Many Wichitans know and love The Spice Merchant for its flavorful selections of coffee, tea, spices and gifts, but the local treasure is also dear to the heart of Newman University.
The Spice Merchant, which has the tagline of Wichita’s Original Gourmet Coffee Roaster, is owned by Newman alumnus Robert “Bob” Boewe ’69. Boewe graduated with a degree in sociology and a minor in business.
After serving in the U.S. Navy and attending Newman, Boewe took a job with the Kansas Department of Children and Families. He continued working in social services with the Kansas Juvenile Courts, then decided it was time to do some traveling.
“I took every dime I had and backpacked through Europe for two and a half months,” Boewe said. “I came back to my wife-to-be, and our ideas for The Spice Merchant came from living in St. Louis while attending graduate school. We spent weekends exploring the city’s assorted ethnic groceries and the great Soulard Farmers Market.”
Boewe and his wife opened The Spice Merchant in 1980, in a building across the street from Wichita East High School. The original location was only 400 square feet, but it is now located in a historic 13,000-square-foot building. The building, which has a distinctive look, was once home to The Mentholatum Co.
“In any business, you hope you made the right choices, have the right product to sell and that it’s always what the customer wants, and we’ve been very lucky with that,” Boewe said.
The Spice Merchant has been roasting coffee since 1985, and roasted over 100,000 pounds of coffee in 2017. Today, they receive coffee imports from almost every producing country.
“We have a huge selection of 220 teas in our shop that we flavor and blend, as well as lots of spices,” he added. “We also have an assortment of kitchen, coffee and tea accessories plus gift items like tea cups, coffee mugs, different pretty serving pieces, aprons, dish towels and T-shirts.”
Several one-of-a-kind furniture pieces, such as carved wood cabinets from India, display the items for sale throughout the store.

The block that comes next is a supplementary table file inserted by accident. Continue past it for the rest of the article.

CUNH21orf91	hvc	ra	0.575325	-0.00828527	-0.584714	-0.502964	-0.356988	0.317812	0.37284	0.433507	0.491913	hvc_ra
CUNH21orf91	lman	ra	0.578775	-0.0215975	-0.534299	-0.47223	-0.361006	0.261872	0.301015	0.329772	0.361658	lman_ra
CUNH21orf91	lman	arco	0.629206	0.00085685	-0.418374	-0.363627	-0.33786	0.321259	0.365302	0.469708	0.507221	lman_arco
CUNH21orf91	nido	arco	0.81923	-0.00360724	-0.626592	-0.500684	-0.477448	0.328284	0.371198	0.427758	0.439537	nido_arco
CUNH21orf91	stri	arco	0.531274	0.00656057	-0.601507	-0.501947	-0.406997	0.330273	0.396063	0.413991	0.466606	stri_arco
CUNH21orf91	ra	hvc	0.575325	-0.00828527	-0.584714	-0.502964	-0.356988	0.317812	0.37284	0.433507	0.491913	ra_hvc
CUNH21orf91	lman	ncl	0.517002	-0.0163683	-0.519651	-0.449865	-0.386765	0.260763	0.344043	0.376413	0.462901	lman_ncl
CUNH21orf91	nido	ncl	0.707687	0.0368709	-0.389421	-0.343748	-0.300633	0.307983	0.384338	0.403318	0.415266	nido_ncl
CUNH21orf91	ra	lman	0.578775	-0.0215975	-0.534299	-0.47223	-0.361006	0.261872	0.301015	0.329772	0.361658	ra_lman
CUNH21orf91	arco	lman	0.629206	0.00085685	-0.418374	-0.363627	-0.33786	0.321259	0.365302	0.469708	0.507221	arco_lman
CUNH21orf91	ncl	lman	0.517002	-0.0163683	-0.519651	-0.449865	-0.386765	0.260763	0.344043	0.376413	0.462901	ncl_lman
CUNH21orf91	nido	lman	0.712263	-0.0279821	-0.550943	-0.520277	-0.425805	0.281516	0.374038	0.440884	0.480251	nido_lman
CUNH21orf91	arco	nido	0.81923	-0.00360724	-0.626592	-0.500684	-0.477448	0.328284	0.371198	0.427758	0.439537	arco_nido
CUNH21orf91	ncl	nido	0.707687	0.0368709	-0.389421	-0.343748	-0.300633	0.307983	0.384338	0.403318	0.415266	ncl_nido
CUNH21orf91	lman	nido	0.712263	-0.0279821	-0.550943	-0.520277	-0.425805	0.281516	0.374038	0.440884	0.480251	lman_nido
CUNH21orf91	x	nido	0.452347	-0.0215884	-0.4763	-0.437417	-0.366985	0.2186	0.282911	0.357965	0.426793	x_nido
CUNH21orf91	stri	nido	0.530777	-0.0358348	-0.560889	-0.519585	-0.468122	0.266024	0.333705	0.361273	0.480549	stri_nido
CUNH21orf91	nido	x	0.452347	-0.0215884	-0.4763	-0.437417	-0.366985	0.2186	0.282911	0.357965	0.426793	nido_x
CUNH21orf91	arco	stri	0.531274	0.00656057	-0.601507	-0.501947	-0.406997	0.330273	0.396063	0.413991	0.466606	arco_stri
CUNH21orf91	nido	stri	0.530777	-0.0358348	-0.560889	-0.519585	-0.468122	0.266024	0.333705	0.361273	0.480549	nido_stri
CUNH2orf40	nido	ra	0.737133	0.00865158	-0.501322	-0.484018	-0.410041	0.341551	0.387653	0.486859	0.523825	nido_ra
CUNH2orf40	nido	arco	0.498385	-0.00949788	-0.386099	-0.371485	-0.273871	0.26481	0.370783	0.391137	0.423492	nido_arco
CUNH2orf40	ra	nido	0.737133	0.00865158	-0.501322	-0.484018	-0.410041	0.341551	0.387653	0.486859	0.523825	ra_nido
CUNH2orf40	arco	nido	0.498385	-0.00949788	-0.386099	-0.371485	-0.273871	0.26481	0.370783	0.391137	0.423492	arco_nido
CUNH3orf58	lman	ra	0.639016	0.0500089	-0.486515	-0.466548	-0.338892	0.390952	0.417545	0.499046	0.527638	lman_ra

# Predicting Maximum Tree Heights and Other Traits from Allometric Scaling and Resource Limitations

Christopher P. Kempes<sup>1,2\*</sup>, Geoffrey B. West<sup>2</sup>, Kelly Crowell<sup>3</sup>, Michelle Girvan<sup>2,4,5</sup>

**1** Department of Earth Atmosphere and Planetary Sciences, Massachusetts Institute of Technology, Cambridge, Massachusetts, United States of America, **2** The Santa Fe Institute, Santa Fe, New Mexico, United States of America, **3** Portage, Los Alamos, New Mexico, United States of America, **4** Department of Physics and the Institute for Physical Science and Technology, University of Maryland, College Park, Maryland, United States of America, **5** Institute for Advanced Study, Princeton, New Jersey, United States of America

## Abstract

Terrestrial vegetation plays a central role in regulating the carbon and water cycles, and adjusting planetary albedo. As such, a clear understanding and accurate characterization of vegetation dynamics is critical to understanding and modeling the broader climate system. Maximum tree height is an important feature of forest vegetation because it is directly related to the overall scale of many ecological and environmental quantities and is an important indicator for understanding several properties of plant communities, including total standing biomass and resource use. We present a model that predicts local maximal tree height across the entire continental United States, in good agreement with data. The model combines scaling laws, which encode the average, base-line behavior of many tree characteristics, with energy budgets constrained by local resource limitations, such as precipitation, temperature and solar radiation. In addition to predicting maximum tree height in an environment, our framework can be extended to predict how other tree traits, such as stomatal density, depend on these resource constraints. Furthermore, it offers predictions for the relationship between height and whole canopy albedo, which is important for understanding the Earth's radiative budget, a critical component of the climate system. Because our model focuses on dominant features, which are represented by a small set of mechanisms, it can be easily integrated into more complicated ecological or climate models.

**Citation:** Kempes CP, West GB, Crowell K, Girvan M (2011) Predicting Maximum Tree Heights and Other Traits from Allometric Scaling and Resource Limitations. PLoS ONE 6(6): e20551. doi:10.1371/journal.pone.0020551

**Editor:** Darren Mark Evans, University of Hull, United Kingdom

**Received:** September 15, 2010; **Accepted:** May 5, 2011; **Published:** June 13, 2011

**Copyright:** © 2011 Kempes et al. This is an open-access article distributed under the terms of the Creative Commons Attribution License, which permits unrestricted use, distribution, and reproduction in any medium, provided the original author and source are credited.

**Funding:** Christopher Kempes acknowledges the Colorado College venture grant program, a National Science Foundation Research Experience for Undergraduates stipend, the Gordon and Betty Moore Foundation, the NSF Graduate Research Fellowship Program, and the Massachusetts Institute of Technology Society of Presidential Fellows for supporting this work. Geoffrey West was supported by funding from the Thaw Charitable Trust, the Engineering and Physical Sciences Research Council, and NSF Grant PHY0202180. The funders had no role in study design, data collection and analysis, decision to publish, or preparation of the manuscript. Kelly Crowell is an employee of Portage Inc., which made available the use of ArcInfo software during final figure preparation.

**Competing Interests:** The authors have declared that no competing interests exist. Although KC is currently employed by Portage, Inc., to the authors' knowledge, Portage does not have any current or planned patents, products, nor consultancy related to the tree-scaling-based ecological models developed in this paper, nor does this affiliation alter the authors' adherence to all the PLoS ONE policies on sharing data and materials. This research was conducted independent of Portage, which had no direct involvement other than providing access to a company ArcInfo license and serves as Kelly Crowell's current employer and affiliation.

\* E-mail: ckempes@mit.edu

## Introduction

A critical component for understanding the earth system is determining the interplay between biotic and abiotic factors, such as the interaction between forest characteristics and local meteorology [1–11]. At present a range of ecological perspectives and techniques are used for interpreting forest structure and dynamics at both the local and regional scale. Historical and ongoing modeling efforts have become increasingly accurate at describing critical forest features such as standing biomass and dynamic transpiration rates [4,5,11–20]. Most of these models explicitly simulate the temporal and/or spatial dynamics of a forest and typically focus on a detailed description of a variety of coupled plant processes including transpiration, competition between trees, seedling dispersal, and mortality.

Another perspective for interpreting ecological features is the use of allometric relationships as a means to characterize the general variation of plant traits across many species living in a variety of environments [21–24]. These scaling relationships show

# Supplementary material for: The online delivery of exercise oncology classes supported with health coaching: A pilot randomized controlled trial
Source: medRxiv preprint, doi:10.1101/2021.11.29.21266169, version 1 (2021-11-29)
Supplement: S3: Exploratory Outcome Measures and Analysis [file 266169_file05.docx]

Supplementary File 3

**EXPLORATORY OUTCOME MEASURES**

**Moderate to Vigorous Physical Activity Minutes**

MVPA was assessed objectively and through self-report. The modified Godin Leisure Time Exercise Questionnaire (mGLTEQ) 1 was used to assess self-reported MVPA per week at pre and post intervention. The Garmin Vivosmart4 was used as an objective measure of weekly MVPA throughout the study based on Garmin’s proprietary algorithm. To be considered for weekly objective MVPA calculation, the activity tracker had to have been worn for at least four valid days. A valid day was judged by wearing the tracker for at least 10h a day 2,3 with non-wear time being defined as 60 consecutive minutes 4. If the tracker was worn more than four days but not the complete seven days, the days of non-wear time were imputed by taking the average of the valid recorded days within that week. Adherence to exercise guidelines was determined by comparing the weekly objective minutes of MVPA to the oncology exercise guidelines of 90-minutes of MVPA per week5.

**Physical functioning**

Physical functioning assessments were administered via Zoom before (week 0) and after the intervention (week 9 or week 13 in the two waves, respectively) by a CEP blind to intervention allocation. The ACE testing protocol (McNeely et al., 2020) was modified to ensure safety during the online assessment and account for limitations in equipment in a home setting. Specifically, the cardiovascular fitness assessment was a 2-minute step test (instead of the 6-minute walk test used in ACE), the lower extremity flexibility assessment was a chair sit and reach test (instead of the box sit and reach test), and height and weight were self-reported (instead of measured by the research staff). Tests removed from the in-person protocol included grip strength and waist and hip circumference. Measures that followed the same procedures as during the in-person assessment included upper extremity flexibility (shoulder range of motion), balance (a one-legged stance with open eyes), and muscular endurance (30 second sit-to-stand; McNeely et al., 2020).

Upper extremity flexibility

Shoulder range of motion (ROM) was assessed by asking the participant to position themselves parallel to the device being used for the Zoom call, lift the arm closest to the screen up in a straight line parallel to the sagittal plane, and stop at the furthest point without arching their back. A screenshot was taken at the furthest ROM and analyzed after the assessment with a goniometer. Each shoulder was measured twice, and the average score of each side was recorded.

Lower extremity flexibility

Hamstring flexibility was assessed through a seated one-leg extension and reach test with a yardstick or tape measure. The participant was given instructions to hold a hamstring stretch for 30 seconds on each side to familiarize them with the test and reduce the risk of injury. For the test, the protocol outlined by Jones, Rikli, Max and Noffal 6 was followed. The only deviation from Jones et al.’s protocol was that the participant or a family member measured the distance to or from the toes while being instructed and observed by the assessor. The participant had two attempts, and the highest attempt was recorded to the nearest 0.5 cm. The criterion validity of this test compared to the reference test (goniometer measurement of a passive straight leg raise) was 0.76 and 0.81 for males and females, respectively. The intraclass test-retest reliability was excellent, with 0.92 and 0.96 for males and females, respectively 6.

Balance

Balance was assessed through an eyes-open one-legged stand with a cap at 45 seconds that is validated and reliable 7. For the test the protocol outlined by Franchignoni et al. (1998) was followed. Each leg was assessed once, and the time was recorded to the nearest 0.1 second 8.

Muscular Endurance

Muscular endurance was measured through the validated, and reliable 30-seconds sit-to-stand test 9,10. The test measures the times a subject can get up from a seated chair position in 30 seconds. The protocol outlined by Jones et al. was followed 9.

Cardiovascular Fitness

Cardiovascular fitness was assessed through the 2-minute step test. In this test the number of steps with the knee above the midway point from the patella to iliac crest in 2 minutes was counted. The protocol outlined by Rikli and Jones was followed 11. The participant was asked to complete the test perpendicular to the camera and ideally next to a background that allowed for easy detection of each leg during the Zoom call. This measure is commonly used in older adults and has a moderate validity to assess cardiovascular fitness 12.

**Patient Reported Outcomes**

One perk of the job, Boewe said, is visiting different markets and international houseware shows.
“We also have a big tea expo every year in Las Vegas, so we get to work with a lot of really cool importers. We try to keep it fun and interesting, and to make it work, we try to sell items that you can’t buy at Walmart and other places.”
For years, The Spice Merchant has supported Weekend Edition on KMUW, the local National Public Radio station. It has also provided tea and other items for the community Christmas program at the Wichita Art Museum, CityArts and Botanica.
Boewe has also kept ties with Newman by supplying ingredients for the annual High Tea event as well as Multicultural Leadership Organization (MCLO) events on campus.
“We have a deep gratitude for The Spice Merchant,” said Jose Rojas-Montero, MCLO president. “Not only are they kind enough to help us with our events, but Bob really goes the extra mile by talking to our members in our visits and taking the time to explain things.
“These interactions make the relationship between MCLO and The Spice Merchant so meaningful, and I hope it continues for years to come.”
Boewe still remembers the collegiality between faculty and students during his time at Newman.
“Sometimes after class, we’d take off and drive to Winfield for dinner,” he said. “It was just a really good experience for me. I remember Sister Tarcisia Roths, Dr. Campbell who taught some of my business classes and a commercial design art class that I really enjoyed, too.”
Boewe has been working since the age of 14 and says he has truly learned about the real world through his business.
“One of my customers is an adjunct professor at a school and he asked me to come and speak. I always tell the students, ’put your books away and let’s talk about everyday business.’ We talk about taxes, upkeep, landlords — every penny counts and you better not squander it. You can read all the books you want, but experience is crucial.”
At 75 years old, Boewe says he loves what he does.
“I get up every morning and come here, to work. My wife asks when I’m going to retire. She says, ’you’re old,’ and I say ’well, I’m not done yet.’ We’re survivors, we love what we do, and we’re going to be doing it for a while.”